Irish PM says 'perverse' morality drove unwed mothers' homes

FILE - In this file photo dated Thursday, Dec. 10, 2020, Ireland's Prime Minister Micheal Martin speaks as he arrives at the European Council building in Brussels.  The Irish Prime Minister Micheal Martin seems poised to make a formal apology on behalf of the Irish state, for the deaths of thousands of infants and other abuses in church-run homes for unmarried women and their babies, following inquiry findings due to be published on Tuesday Jan. 12, 2021. (John Thys/ Pool FILE via AP)
FILE - In this file photo dated Thursday, Dec. 10, 2020, Ireland's Prime Minister Micheal Martin speaks as he arrives at the European Council building in Brussels. The Irish Prime Minister Micheal Martin seems poised to make a formal apology on behalf of the Irish state, for the deaths of thousands of infants and other abuses in church-run homes for unmarried women and their babies, following inquiry findings due to be published on Tuesday Jan. 12, 2021. (John Thys/ Pool FILE via AP)

LONDON – Ireland’s prime minister said Tuesday that the country must “face up to the full truth of our past,” as a long-awaited report recounted decades of harm done by church-run homes for unmarried women and their babies, where thousands of infants died.

Prime Minister Micheal Martin said young women and their children had paid a heavy price for Ireland’s “perverse religious morality” in past decades.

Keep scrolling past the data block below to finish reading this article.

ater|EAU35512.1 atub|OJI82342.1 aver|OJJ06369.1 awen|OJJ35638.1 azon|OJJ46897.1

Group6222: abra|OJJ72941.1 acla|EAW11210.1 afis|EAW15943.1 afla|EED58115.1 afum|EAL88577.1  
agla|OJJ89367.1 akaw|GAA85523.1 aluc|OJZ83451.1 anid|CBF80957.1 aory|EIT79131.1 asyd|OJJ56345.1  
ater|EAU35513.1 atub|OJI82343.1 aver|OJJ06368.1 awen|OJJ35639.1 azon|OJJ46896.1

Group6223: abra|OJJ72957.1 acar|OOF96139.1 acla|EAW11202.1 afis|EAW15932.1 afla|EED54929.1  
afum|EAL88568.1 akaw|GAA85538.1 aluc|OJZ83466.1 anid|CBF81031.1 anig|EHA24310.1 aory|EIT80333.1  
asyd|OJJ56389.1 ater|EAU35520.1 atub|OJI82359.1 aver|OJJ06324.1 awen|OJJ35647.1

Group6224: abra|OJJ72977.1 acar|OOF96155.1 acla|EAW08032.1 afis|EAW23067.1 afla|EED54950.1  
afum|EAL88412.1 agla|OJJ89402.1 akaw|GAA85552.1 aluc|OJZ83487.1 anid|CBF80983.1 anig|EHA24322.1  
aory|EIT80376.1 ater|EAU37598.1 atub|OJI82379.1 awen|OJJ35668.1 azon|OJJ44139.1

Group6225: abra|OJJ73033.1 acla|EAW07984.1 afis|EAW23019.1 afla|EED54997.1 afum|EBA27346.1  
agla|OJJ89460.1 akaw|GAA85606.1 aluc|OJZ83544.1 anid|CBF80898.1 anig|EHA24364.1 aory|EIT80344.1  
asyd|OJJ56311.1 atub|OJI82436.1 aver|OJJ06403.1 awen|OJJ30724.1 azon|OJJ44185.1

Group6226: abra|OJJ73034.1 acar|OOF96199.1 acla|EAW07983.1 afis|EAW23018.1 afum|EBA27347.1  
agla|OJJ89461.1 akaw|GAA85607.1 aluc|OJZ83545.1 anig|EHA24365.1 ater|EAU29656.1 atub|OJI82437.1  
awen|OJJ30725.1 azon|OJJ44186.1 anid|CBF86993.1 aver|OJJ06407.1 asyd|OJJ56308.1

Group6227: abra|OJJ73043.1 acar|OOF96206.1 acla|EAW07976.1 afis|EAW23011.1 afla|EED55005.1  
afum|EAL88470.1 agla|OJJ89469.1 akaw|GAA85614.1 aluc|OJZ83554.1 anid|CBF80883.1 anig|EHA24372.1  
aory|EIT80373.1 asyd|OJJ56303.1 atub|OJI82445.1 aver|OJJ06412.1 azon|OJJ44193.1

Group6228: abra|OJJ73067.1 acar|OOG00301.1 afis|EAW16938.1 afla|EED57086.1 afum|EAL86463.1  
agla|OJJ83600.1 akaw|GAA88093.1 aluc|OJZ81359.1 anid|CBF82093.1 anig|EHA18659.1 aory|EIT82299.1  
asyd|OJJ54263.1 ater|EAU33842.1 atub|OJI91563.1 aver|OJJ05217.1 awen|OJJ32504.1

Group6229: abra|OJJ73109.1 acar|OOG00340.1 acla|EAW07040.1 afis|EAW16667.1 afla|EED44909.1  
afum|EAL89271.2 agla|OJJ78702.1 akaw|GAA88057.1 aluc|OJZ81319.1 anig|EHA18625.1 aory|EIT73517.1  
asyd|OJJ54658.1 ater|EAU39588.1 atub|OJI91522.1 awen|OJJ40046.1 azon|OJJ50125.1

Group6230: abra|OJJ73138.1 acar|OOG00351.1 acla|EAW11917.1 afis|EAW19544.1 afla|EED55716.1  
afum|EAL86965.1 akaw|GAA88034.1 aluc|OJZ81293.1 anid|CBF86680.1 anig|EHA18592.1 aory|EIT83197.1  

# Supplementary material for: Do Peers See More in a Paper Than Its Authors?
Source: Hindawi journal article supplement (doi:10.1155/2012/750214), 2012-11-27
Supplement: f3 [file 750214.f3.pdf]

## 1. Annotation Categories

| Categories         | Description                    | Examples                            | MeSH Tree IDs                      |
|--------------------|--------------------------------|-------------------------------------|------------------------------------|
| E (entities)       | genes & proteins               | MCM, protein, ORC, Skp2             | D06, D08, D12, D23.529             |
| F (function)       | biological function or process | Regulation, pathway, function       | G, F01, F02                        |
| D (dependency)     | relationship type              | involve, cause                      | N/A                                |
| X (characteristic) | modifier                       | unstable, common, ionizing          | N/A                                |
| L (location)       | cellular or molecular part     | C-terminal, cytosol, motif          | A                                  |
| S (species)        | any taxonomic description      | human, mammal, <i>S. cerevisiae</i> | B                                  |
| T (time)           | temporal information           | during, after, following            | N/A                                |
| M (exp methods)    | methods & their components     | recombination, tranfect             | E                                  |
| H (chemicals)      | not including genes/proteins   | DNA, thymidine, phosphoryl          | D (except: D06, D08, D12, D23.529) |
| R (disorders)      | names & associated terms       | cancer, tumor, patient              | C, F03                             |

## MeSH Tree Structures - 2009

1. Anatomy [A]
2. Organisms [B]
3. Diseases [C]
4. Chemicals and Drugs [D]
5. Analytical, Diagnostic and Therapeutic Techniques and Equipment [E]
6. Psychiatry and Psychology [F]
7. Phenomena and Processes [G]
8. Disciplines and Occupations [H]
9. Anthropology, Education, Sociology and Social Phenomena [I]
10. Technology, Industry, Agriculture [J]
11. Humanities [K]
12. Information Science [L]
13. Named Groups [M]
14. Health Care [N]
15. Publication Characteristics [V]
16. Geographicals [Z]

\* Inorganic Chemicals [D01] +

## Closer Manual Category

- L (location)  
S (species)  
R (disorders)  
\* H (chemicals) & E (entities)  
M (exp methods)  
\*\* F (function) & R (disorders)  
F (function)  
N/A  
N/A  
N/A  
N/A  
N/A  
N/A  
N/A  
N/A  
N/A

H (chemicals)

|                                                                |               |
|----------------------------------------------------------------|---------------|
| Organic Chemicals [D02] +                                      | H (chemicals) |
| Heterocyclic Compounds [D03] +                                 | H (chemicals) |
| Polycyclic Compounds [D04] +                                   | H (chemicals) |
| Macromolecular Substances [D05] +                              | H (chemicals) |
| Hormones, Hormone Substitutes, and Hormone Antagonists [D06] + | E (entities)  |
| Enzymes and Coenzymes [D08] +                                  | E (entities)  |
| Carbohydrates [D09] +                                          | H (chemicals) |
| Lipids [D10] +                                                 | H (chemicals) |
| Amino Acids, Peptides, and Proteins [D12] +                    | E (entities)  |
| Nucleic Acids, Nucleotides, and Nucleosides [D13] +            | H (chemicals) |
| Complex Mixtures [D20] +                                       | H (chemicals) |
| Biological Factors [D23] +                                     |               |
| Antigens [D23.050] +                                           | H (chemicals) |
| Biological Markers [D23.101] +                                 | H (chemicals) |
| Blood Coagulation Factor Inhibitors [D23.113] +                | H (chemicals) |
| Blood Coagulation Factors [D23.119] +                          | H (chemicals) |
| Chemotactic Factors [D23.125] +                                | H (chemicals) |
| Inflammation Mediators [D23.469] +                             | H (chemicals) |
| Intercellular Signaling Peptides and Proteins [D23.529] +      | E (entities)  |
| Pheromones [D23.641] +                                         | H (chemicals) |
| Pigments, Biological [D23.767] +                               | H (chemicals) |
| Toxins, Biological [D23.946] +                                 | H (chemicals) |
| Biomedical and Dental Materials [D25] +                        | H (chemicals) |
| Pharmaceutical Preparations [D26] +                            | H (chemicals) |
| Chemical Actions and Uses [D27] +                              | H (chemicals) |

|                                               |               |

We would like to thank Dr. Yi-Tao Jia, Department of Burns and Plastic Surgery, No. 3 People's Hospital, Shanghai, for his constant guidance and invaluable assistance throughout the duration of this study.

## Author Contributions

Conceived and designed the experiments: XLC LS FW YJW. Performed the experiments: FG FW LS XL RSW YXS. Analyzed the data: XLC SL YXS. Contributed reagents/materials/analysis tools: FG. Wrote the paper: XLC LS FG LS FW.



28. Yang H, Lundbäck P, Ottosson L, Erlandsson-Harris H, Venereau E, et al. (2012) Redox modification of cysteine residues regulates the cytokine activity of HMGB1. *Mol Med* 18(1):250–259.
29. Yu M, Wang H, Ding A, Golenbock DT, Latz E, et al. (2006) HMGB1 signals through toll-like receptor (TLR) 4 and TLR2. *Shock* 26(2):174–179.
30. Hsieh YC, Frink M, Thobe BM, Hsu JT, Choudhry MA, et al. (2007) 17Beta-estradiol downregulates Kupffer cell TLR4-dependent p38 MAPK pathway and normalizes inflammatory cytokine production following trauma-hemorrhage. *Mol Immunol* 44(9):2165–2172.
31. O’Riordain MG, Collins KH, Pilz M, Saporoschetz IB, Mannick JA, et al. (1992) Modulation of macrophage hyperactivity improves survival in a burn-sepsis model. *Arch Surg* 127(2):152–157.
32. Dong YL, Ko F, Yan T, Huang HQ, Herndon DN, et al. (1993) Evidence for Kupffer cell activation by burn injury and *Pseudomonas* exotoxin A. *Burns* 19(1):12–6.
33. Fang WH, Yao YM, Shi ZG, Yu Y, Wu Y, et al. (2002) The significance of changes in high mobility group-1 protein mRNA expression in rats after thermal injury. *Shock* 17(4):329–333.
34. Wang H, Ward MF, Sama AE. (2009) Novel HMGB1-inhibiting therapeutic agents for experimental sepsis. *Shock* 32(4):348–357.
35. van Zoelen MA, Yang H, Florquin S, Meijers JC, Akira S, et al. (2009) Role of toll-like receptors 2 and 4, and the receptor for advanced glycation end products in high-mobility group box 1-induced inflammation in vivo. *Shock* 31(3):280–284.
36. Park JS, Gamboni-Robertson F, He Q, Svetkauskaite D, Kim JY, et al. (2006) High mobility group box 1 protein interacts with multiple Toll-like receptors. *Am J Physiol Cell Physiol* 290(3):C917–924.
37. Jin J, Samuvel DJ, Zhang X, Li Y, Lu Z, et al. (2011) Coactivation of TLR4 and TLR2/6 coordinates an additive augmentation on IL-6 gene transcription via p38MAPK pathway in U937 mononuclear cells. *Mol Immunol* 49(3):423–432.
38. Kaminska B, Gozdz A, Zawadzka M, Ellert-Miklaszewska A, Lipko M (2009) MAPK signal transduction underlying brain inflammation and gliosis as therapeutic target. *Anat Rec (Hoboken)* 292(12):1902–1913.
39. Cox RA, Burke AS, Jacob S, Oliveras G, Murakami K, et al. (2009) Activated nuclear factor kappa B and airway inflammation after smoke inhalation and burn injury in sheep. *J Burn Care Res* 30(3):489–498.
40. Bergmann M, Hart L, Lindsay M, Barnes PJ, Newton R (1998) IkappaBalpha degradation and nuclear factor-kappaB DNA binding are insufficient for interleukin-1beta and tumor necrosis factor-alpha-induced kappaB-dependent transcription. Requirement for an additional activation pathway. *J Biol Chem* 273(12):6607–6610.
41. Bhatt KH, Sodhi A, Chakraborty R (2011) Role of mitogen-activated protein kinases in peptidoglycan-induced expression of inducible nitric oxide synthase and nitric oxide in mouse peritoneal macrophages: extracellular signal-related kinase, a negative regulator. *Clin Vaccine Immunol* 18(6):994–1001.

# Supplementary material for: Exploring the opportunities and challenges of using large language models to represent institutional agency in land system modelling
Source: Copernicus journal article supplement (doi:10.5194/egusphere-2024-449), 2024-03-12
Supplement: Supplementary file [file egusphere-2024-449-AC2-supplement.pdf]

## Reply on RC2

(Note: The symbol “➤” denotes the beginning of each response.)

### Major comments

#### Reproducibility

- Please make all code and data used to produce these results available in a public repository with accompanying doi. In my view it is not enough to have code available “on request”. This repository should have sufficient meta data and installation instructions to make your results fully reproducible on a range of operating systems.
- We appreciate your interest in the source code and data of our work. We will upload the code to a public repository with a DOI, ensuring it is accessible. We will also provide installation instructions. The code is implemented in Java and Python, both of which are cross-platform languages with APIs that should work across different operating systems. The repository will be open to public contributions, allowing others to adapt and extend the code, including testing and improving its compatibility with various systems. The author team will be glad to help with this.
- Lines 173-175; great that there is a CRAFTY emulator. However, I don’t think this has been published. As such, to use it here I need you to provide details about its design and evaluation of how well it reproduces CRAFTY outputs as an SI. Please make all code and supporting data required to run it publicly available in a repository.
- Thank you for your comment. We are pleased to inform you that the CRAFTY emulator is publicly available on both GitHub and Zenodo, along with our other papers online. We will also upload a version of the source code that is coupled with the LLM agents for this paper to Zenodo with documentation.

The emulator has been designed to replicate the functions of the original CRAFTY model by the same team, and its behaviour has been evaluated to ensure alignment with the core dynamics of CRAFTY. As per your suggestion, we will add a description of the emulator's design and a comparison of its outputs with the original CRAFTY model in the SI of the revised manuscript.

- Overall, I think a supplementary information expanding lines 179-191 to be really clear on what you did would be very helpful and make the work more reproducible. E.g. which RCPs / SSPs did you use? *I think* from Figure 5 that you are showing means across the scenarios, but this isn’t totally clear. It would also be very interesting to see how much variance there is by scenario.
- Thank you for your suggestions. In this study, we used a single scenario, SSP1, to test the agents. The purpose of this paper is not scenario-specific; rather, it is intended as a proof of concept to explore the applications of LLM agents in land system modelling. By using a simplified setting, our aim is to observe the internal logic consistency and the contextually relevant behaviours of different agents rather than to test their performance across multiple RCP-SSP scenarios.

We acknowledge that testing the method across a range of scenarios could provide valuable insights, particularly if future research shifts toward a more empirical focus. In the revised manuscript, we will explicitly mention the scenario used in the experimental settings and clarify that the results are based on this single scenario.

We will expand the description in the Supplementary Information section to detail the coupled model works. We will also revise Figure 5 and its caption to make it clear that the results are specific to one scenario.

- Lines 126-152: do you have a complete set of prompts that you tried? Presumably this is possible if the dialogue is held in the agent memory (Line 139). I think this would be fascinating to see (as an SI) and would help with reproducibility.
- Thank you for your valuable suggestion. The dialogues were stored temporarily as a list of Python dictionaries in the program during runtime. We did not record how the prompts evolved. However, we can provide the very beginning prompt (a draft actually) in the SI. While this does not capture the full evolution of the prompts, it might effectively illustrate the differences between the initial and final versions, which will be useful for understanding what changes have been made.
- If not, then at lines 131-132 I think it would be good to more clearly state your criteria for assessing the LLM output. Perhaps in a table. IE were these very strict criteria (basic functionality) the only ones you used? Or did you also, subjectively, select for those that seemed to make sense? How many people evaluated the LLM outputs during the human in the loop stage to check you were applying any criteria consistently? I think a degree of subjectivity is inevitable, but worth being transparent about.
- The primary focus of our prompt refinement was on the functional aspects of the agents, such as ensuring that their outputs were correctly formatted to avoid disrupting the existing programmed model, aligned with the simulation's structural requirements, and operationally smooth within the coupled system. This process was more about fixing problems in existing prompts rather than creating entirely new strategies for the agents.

“We had a completely warped attitude to sexuality and intimacy. Young mothers and their sons and daughters paid a terrible price for that dysfunction,” he said.

Martin said he would make a formal apology on behalf of the state in Ireland's parliament on Wednesday.

The final report of an inquiry into the mother-and-baby homes said that 9,000 children died in 18 different mother and baby homes during the 20th century. Fifteen percent of all children in the homes died, almost double the nationwide infant mortality rate, the report said. Major causes included respiratory infections and gastroenteritis, otherwise known as the stomach flu.

The report said “the very high mortality rates were known to local and national authorities at the time and were recorded in official publications.”

But, the document went on, "there is no evidence of public concern being expressed about conditions in mother and baby homes or about the appalling mortality among the children born in these homes, even though many of the facts were in the public domain.”

The inquiry is part of a process of reckoning in overwhelmingly Roman Catholic Ireland with a history of abuses in church-run institutions, including the shunning and shaming of unwed mothers, many of whom were pressured into giving up babies for adoption.